Our Lady of Walsingham – England’s Apparition of Mary
Most Catholics know of France’s famous Marian apparitions, such as those at Lourdes and Rue du Bac, and also the greater Marian apparition sites such as the one at Fatima, Portugal or Guadalupe, Mexico.
England’s once famous shrine of Our Lady of Walsingham is not as well known due to the onset of Protestantism in the 1500s. Thankfully, the apparition is receiving greater devotion due to the efforts of Catholics and Anglicans with a love for the Blessed Virgin.
The tradition of Our Lady of Walsingham began with an apparition of the Immaculate Mother of God to Richeldis de Faverches, a Catholic English noblewoman, in 1061 in the village of Walsingham in Norfolk, England.
The Mother of God revealed the archetectural plans of the Holy House of the Holy Family in Nazareth and she asked Lady Richeldis to build the house as a shrine and place of pilgrimage.
The Holy House of Walsingham was an exact copy of of the home in which the Annunciation occurred. The chapel was founded in the time of Edward the Confessor, about 1053, the earliest deeds naming Richeldis, the mother of Geoffrey of Favraches as the founder. In 1169, Geoffrey granted ‘to God and St. Mary and to Edwy his clerk the chapel of our Lady’ which his mother had founded at Walsingham with the intention that Edwy should found a priory. These gifts were, shortly afterwards, confirmed to the Austin Canons of Walsingham by Robert de Brucurt and Roger, earl of Clare.
By 1500, Our Lady of Walsingham had become one of the greatest religious centres in England, and Europe, together with Glastonbury and Canterbury. It became the third most popular place of pilgrimage next to Rome and Compostella, Spain.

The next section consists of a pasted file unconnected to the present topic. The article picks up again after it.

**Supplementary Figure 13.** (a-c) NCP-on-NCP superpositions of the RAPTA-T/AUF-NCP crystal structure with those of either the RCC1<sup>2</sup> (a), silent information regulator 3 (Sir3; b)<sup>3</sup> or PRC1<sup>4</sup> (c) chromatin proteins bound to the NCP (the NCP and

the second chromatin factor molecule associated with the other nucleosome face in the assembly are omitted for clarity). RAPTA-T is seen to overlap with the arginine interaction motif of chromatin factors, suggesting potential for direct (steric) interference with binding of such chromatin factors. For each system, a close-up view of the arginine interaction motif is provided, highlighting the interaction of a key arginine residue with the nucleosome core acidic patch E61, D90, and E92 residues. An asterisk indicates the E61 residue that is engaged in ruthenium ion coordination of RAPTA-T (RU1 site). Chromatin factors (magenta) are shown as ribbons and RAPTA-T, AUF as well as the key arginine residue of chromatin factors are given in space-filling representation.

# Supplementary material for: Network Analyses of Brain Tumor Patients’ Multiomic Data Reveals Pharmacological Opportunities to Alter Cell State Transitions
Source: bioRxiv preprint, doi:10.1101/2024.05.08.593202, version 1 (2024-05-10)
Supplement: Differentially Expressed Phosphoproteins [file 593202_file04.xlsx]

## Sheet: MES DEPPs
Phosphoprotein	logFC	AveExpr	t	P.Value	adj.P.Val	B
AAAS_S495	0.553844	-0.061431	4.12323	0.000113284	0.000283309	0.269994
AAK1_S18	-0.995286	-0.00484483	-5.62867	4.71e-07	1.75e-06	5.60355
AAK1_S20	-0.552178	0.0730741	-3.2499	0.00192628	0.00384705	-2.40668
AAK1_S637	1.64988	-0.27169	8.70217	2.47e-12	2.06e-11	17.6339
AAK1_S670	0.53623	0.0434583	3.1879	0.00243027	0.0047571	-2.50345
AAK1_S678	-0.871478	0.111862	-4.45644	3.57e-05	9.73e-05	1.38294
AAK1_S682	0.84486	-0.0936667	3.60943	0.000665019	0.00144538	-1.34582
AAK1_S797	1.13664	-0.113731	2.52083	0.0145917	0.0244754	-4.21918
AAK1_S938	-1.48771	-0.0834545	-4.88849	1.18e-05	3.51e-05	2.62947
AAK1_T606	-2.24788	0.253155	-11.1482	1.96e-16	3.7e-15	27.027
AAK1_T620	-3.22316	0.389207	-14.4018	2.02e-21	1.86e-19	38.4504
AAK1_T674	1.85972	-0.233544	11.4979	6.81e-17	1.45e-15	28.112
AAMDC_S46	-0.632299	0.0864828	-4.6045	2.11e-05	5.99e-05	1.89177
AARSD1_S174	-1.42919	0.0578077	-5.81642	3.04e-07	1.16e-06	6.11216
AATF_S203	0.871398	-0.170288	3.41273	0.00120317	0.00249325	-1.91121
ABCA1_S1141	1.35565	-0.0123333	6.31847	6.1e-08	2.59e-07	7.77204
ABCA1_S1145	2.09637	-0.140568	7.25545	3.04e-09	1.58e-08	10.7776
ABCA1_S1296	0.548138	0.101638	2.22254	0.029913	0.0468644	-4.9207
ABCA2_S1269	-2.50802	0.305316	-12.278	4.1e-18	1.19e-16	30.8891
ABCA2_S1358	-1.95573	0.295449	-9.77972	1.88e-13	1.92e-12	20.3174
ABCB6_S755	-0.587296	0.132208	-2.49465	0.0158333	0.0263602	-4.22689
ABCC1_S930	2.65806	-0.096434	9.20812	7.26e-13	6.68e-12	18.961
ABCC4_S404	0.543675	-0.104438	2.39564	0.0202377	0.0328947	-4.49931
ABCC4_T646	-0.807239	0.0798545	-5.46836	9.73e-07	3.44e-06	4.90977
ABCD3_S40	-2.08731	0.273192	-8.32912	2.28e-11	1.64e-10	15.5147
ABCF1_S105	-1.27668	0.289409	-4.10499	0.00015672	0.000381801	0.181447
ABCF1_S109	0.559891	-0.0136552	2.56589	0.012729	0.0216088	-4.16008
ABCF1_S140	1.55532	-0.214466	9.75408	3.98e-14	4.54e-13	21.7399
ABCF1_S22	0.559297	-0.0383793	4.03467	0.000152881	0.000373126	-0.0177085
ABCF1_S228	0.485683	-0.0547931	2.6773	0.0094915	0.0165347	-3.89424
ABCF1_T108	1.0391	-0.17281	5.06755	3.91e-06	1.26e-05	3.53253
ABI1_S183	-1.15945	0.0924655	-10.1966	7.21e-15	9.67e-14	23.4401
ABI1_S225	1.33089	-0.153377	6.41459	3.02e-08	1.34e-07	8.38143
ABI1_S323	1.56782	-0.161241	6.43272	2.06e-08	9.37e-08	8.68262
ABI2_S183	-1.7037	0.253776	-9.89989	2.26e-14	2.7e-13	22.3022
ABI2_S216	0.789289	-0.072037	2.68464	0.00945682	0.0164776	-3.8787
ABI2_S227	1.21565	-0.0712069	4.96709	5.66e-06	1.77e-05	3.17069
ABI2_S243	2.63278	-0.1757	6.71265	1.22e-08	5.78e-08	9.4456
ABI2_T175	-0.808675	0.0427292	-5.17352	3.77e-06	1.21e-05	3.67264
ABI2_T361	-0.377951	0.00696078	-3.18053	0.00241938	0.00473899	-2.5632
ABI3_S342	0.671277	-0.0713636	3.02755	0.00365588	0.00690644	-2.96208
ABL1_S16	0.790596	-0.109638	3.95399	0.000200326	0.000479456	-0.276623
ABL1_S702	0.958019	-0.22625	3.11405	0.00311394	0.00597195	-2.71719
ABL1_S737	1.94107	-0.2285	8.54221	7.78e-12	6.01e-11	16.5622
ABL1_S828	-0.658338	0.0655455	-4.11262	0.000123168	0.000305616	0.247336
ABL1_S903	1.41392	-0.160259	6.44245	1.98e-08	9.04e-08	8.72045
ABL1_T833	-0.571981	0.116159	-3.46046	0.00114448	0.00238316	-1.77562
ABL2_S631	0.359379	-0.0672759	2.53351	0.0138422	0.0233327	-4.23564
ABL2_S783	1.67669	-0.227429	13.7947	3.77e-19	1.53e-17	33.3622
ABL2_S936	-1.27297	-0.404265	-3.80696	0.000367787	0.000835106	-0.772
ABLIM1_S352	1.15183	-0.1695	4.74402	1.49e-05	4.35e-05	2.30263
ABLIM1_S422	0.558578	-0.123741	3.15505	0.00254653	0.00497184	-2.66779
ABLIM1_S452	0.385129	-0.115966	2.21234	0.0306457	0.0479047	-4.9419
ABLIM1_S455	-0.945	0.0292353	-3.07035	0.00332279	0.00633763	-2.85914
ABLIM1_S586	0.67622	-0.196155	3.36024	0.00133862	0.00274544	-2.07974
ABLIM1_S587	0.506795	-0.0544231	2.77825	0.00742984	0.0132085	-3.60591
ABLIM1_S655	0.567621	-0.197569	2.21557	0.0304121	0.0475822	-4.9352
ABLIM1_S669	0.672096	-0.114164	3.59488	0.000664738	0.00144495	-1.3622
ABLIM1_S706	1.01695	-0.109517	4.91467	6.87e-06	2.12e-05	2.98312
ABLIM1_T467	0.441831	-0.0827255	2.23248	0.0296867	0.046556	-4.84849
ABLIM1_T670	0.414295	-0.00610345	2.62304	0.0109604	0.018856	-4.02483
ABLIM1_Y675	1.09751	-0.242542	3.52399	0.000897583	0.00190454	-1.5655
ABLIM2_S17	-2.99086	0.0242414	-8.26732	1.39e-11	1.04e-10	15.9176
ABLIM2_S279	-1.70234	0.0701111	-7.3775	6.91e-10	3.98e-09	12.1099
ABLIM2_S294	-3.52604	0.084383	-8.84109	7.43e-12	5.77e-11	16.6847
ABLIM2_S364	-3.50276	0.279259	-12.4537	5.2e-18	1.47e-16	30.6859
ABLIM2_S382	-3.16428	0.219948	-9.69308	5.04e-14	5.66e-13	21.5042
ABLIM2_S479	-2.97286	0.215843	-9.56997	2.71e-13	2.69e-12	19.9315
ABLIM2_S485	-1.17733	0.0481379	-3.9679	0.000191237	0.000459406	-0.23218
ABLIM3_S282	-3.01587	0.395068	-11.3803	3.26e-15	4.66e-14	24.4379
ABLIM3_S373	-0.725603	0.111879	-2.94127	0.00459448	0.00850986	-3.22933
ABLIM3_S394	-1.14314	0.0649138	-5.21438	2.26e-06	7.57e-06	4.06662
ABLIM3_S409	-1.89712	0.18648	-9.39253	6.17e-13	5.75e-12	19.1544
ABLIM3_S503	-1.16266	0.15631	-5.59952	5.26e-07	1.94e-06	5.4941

The suppression of Walsingham came late in 1538. The Protestant bishop Latimer wrote of the image of Mary that “She hath been the Devil’s instrument, I fear, to bring many to eternal fire; now she herself with her older sister of Walsingham, her younger sister of Ipswich, and their two sisters of Doncaster and Penrhys will make a jolly muster in Smithfield. They would not be all day in burning”. Horrid words that reveal the hate of early Anglicans for images and for the Blessed Virgin.
King Henry VIII approved for the image of Our Lady of Walsingham to be burned. This confirms that Henry VIII was an impious and perfidious tyrant. Those who claim that Henry VIII remained Catholic “in his heart” are deceived. He was a murderous and adulterous man who mocked the papacy.
“It was the month of July, the images of Our Lady of Walsingham and Ipswich were brought up to London with all the jewels that hung around them, at the King’s commandment, and divers other images, both in England and Wales, that were used for common pilgrimage…and they were burnt at Chelsea by my Lord Privy Seal”.
In 1897 Pope Leo XIII re-established the restored 14th century Slipper Chapel as a Roman Catholic shrine, now the centre of the National Shrine of Our Lady of Walsingham. The Holy House had been rebuilt at the Church of the Annunciation at King’s Lynn.
There is a prophecy that when England returns to Our Lady of Walsingham, Our Lady will return to England. It seems, then, that this Marian shrine is intimately associated with the spiritual health of Merry Ol’ England.
Our Lady of Walsingham, pray for us.